Even about Santa.  Even about First Daddy.  Even about going 80 in a 65 mph zone.  Even about really, really disliking the things he/she wants to play.  Pokemon battles with an ultra competitive 5 y.o. are NOT FUN.  In fact, they make me want to scream, and wish that I had a legitimate reason to burn every Pokemon card in our house.  But, I don't.  I simply tell him that I don't enjoy playing when I don't understand the game, and don't care to understand the game, and that I would rather play something different.

    2.  Listen.

If you're too busy to listen, say why, not "uh huh".  And, if you're too busy to listen, figure out why!  Otherwise, our kids will stop talking to us, and we will wonder why, and we will be devastated, and we will call doctors and counselors to figure out why they won't just tell us what is going on in their lives, and it will be awful.  Sometimes, I'm trying to concentrate, or I'm trying to finish a blog post, or I'm trying to get 8 minutes of sleep on the couch, and I don't want to hear anyone talking.  But, when it comes to 5 y.o., I make sure to explain to him that it's hard to think and talk about two different things, that I want to finish what I'm typing, or that I don't want to be interrupted unless it's a 911 emergency, rather than just blowing him off.  What he says is important, and I truly want to hear it.

   3.  BTRT

Remember the screaming, remember the cutenesses, remember the laughter and the grrrrroooo (Baby's version of "vroom" when she's playing with 5 y.o.'s cars-it sounds a lot like Chewbacca) and the things they love and the things they hate and the things they say and the things they do.  The only way to do that is to pay attention.  Be there, in the moment.  Really there.  Take pictures, but not so many that you miss the action.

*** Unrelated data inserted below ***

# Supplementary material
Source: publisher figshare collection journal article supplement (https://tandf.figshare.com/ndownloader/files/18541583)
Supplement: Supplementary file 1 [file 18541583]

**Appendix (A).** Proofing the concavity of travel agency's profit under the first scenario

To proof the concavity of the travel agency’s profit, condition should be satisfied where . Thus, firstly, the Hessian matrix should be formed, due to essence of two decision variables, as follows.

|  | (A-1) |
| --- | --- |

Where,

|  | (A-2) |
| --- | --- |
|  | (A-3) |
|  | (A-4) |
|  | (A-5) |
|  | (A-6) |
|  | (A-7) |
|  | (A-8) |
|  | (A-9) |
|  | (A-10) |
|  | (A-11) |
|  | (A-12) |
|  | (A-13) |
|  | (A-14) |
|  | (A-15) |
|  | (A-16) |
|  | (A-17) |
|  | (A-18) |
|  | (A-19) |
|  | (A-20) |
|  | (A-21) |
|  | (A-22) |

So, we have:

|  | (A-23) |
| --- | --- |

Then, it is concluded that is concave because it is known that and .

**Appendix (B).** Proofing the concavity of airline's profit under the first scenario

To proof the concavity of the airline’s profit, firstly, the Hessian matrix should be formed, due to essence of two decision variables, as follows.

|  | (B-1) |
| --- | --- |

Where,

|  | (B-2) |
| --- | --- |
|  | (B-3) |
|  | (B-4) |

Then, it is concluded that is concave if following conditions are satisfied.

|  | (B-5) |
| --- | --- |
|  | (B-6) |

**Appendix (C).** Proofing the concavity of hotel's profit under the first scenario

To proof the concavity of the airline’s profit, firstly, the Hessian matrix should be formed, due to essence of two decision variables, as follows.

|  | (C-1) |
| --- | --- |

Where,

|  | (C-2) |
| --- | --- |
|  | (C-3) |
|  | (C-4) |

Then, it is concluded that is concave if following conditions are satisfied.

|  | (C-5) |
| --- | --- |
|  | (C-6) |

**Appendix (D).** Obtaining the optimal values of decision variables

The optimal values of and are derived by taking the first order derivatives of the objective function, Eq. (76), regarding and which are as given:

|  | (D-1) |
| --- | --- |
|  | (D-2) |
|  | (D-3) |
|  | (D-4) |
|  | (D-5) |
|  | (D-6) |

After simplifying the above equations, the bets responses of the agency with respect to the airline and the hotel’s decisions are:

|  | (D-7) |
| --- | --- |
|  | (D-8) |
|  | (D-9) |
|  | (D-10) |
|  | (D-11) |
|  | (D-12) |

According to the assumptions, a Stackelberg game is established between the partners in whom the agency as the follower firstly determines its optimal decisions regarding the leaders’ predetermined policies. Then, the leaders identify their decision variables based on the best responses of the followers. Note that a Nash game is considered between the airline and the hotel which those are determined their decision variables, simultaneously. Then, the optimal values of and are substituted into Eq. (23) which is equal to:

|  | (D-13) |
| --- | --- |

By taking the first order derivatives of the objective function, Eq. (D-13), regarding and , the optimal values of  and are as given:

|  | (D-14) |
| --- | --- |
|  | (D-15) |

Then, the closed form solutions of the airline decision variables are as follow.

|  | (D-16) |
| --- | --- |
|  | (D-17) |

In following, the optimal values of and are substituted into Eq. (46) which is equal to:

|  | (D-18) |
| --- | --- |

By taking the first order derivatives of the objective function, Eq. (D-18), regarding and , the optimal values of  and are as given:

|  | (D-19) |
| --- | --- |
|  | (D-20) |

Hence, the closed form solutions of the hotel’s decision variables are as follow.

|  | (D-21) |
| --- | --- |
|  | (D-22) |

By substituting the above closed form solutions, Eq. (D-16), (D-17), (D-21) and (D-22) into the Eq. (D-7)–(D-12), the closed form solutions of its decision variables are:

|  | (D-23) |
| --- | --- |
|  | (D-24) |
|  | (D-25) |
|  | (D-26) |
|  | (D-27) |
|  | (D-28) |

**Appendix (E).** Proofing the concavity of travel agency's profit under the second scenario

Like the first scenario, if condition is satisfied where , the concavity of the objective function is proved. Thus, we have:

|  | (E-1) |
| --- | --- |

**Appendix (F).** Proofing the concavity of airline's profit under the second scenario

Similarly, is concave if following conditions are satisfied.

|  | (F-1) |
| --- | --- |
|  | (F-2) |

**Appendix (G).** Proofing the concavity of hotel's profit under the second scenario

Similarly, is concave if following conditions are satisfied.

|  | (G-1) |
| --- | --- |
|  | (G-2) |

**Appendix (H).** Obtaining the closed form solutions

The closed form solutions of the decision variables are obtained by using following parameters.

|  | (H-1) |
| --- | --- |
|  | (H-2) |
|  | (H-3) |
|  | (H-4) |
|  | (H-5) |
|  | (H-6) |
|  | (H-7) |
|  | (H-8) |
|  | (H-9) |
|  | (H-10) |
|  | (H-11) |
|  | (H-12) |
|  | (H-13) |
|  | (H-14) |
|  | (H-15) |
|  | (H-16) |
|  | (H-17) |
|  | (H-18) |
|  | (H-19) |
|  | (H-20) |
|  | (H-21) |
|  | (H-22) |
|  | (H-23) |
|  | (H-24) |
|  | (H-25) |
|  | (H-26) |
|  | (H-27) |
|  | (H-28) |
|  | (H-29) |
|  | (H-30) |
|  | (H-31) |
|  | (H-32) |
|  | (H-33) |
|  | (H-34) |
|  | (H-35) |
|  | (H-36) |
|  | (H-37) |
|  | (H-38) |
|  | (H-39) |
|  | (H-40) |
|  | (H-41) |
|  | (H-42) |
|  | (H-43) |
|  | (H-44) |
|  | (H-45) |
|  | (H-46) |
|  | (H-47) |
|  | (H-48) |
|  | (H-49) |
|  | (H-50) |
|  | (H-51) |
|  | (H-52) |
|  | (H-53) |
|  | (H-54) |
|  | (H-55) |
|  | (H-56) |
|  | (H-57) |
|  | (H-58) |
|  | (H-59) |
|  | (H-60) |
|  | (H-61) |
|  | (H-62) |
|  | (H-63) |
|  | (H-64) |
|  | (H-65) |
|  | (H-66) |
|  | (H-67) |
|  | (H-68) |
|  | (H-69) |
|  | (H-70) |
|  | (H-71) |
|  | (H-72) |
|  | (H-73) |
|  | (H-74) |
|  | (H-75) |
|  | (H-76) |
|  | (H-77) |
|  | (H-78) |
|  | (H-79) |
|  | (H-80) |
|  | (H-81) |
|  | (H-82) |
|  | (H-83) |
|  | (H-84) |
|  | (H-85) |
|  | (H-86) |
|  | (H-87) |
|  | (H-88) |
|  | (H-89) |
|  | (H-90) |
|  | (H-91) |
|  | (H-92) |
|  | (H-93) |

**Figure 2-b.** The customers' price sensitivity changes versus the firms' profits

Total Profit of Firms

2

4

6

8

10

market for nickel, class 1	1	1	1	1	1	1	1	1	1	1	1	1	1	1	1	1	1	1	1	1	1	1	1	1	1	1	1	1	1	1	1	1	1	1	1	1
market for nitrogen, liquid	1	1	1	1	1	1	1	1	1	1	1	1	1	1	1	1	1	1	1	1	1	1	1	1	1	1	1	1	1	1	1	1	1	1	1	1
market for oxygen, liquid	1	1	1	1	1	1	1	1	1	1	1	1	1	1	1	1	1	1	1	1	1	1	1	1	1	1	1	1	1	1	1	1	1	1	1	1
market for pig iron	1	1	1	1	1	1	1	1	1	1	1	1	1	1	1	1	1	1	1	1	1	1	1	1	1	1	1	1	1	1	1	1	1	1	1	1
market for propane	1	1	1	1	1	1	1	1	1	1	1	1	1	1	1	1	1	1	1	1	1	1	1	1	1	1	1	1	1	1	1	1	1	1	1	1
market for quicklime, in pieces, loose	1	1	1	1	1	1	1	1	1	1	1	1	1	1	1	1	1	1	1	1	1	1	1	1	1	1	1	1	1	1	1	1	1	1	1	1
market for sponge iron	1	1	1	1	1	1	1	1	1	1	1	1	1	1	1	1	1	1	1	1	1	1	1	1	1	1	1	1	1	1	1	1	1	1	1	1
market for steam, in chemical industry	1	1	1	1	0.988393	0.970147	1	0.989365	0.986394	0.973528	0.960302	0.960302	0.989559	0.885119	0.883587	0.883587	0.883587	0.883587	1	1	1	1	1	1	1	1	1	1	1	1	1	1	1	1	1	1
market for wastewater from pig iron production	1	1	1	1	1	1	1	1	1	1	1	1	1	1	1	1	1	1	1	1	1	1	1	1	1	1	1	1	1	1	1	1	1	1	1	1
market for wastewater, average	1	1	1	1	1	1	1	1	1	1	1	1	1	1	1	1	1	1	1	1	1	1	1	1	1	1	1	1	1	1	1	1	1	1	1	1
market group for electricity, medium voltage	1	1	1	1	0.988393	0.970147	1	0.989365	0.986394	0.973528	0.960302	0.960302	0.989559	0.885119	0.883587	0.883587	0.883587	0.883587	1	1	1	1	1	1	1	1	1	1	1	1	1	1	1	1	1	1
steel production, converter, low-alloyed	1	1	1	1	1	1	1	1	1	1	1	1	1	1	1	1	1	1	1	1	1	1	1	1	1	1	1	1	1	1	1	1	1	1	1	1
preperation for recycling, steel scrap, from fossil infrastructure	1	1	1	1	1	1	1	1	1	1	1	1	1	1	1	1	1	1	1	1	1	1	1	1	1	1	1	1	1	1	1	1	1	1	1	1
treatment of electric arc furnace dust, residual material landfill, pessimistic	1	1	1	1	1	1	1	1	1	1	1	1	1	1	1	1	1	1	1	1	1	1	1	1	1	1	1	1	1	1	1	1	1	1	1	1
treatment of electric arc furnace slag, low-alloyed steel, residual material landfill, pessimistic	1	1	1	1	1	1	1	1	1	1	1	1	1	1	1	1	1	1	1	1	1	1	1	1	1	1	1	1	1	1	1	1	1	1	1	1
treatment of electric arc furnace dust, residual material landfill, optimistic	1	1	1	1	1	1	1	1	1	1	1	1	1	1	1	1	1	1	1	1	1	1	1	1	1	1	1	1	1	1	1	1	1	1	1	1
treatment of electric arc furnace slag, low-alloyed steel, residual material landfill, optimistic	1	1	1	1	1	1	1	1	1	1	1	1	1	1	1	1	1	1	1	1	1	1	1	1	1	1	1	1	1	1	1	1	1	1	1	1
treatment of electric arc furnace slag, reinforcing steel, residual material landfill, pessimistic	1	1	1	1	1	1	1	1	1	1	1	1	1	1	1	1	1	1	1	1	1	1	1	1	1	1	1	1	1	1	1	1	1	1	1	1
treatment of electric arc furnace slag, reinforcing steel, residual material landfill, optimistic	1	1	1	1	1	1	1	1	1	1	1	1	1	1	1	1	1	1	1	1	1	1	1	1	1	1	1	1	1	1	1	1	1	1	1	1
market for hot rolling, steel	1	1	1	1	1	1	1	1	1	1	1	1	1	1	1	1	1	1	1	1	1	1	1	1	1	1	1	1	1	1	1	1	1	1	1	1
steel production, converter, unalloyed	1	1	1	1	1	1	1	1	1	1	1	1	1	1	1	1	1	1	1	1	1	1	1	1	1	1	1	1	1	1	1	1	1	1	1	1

Awwww!  She learned to put a hat on her head!
I make up silly games, and nonsensical songs.  Husband plays action figures and hockey and basketball and Pokemon with 5 y.o. (and actually has fun doing it), gently tosses the "Baa" to Baby over and over and over, and we dance to the twang of her musical toys for what seems like hours on end.  

Every night, I rock Baby to sleep and sing her some songs, as I did with 5 y.o. when he was much smaller.  He has no trouble falling asleep, usually, but every once in a while he asks me to sing to him like I sing to Baby, or to rock him.  He should be asleep.  He doesn't need to be rocked, or sung to.  He's a big boy.  But then, I think about what a treat and privilege it is to have a sweet son who wants to be held by me and to hear my singing, and I can't resist.  I think about how I'll feel when he's 20 and can't fit on my lap and will not ever think about wanting me to rock and sing to him.  Then, I let him get out of bed for a minute, wrestle him onto my lap, and ask him what song he wants to hear.  I've never regretted it.

Got any cutenesses to share, past or present?


  1. I have done pretty well at savoring and relishing, but certainly not in all aspects or all the time. Reminding myself of the temporariness of babyhood and childhood and even teenagerhood has helped.

    One thing I have been good at and consistent with is reading to my children. Picture books were fun, but I love reading chapter books to my children even more. We have kept reading together well beyond the age when they could read for themselves. Only 2 of my 4 children are still at home, but my 14 yr old, my 11 yr old and I have just start reading "The Lord of the Rings" series... again. I read it with my (now) 14 yr old a few years ago, but my youngest doesn't remember it.

    I know from reading your blogpost "Nineteen" that you will agree that passing on a joy of books and reading is a wonderful thing.

    1. You're absolutely right- even if everything goes perfectly, and there are no tragedies, our kids are still going to grow up. They're going to do it much faster than we'd like, too.

      I love that you still read to your kids! Some of my fondest childhood memories are of my mom reading to my siblings and me, even after we knew how to read.